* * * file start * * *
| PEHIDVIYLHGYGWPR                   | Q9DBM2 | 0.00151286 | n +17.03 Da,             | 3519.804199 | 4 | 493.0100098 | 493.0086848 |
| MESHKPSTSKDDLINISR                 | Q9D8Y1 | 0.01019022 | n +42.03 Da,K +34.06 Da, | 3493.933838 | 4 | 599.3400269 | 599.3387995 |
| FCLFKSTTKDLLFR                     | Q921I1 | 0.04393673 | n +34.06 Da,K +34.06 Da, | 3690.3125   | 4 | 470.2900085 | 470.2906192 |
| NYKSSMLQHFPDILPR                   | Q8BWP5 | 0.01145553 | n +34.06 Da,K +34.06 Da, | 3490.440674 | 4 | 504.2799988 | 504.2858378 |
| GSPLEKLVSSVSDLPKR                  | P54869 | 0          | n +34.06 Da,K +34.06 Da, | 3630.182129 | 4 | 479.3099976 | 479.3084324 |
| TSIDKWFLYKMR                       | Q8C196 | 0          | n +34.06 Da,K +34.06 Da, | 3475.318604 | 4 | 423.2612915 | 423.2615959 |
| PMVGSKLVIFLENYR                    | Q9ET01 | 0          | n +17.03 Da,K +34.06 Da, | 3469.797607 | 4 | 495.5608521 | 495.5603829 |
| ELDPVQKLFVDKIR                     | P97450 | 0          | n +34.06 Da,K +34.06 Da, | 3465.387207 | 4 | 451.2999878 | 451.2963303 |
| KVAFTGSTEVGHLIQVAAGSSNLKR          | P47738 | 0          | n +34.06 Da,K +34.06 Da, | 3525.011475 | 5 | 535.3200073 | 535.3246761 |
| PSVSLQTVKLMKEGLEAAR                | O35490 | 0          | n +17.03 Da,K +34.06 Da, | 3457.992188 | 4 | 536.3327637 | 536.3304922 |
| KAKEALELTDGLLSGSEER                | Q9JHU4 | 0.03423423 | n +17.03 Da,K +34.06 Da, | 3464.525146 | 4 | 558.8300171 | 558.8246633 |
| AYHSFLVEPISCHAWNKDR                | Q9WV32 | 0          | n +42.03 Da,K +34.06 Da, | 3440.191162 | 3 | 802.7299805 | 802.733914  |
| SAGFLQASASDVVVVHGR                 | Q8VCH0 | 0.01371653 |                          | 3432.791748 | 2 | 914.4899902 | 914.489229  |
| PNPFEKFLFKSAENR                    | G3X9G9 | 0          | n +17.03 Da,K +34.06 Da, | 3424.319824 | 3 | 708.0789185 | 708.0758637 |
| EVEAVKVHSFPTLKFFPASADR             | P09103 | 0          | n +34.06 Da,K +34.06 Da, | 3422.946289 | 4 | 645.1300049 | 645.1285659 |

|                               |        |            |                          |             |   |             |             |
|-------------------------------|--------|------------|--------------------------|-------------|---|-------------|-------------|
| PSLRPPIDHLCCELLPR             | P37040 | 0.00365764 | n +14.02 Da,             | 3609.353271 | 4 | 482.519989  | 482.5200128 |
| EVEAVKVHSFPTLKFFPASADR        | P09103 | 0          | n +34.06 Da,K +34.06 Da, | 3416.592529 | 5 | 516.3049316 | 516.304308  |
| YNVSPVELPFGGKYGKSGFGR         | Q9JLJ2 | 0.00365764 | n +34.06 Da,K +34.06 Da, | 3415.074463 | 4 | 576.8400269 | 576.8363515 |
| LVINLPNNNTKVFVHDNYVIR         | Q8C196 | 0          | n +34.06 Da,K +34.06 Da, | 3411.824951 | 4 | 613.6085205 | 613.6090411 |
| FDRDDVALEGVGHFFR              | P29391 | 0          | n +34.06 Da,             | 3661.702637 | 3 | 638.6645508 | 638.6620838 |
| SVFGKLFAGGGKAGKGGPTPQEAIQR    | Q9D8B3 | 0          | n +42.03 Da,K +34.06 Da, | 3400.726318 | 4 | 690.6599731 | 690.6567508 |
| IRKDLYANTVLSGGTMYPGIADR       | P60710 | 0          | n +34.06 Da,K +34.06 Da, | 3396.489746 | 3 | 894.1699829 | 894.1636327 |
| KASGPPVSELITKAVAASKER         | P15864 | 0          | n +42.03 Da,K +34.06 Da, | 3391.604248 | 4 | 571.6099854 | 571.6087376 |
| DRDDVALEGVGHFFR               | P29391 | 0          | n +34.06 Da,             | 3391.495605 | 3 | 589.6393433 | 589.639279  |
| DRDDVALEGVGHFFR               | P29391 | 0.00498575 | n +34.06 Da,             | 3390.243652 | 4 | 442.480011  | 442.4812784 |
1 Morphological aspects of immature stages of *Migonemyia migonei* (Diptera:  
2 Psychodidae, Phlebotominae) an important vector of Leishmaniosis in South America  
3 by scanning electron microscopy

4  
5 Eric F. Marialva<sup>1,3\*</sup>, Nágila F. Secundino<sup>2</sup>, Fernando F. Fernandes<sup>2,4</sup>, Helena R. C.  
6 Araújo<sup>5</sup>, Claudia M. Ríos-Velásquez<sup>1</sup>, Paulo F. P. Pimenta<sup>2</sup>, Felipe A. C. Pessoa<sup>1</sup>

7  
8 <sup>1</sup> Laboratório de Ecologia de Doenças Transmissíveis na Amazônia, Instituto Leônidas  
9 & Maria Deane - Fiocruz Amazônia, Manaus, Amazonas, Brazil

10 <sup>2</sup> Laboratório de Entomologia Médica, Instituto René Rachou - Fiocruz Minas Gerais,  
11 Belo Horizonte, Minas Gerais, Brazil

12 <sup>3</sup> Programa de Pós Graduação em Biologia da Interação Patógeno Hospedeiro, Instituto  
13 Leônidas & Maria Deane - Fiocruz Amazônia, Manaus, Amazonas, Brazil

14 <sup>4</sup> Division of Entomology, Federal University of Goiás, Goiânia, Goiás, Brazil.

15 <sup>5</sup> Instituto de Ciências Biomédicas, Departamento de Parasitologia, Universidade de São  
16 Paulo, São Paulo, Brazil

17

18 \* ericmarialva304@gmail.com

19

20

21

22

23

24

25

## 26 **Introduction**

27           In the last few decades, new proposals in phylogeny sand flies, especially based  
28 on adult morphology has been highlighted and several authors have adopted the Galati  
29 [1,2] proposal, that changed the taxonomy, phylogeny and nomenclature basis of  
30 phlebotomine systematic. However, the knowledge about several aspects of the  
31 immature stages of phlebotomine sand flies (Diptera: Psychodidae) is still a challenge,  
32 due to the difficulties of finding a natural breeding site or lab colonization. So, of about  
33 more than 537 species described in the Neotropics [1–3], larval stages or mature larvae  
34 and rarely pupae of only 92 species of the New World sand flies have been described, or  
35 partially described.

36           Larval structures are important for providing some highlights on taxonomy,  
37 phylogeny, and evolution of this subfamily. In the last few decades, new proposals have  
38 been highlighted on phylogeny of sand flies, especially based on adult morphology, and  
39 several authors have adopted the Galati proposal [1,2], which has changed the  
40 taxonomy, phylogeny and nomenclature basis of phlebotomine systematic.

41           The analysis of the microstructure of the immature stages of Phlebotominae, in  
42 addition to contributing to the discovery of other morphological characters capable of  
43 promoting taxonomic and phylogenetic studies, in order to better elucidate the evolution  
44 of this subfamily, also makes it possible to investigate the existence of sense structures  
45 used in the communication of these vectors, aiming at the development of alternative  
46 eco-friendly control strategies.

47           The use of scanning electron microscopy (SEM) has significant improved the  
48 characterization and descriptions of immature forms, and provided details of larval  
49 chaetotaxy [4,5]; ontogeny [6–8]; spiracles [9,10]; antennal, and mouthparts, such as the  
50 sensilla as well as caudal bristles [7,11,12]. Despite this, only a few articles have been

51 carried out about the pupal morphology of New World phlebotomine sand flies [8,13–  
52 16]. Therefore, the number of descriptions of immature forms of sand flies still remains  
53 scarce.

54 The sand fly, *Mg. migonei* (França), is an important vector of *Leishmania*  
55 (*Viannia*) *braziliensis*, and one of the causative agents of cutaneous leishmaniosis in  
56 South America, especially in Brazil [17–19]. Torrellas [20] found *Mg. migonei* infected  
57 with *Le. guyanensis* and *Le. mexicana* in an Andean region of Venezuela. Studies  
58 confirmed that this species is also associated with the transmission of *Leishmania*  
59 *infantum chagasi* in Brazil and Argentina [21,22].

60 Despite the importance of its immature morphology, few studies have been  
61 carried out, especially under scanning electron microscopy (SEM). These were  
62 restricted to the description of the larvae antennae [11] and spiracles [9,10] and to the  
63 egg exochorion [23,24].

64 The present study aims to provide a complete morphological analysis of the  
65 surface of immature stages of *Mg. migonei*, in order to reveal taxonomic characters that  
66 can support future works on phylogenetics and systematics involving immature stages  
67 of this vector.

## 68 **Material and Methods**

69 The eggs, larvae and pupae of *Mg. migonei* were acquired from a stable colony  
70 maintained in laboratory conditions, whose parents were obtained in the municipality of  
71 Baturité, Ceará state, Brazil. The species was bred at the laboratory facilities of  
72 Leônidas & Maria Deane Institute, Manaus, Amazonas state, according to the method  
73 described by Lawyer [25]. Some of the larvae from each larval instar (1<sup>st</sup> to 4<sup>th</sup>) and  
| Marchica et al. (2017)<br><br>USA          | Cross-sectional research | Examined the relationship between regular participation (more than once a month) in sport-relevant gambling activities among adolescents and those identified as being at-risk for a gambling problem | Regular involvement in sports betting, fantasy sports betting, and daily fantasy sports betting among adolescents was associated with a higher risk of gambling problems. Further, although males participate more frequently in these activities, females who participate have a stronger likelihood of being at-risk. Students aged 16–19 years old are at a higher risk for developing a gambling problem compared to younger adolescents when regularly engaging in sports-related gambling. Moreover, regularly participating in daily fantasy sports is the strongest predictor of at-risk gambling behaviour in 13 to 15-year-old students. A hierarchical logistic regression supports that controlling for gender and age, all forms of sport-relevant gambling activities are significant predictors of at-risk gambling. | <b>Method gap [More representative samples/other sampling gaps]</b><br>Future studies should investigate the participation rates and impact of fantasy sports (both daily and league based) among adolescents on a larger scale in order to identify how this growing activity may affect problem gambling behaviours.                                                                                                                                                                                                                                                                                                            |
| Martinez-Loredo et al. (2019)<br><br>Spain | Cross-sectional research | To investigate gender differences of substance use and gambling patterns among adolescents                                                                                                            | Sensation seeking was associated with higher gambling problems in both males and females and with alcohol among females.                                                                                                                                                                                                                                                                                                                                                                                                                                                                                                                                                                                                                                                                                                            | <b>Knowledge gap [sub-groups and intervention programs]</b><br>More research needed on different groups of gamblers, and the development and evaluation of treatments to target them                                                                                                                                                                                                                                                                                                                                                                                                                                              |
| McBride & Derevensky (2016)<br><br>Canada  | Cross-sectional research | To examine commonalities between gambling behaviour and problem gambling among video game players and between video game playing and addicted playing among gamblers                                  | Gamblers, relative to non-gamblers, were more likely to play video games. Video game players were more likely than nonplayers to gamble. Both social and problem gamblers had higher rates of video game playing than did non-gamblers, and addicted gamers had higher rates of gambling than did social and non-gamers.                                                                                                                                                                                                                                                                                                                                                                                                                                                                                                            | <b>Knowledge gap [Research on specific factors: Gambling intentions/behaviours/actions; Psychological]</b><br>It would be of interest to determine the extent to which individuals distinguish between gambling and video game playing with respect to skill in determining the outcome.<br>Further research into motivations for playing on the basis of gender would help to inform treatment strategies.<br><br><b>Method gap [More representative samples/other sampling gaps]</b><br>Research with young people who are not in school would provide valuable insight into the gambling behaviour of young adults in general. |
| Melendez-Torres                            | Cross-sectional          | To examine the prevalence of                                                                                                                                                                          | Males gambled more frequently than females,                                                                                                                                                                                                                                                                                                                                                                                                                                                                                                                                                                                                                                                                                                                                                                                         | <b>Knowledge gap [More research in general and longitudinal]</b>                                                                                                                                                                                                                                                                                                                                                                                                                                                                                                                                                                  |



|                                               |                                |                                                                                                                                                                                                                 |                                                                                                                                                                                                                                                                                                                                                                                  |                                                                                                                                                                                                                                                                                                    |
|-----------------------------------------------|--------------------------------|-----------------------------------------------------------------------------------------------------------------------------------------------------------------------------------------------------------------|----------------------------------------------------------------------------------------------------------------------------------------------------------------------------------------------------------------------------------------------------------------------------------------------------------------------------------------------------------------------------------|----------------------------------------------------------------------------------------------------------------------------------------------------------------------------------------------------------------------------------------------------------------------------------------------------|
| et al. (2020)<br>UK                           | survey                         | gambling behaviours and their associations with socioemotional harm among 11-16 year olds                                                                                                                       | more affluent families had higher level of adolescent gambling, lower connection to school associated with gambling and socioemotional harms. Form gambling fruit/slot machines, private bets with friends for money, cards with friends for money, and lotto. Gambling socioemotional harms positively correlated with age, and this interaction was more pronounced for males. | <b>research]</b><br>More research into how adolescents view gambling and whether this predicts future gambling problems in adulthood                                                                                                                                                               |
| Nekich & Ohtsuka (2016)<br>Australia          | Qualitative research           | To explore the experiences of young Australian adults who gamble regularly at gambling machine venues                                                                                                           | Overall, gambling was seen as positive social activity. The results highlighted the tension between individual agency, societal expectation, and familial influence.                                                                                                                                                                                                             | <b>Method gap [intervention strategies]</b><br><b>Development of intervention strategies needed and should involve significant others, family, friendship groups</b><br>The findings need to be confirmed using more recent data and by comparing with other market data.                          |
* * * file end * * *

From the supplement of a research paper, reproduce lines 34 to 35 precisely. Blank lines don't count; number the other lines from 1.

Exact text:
7  
8 <sup>1</sup> Laboratório de Ecologia de Doenças Transmissíveis na Amazônia, Instituto Leônidas  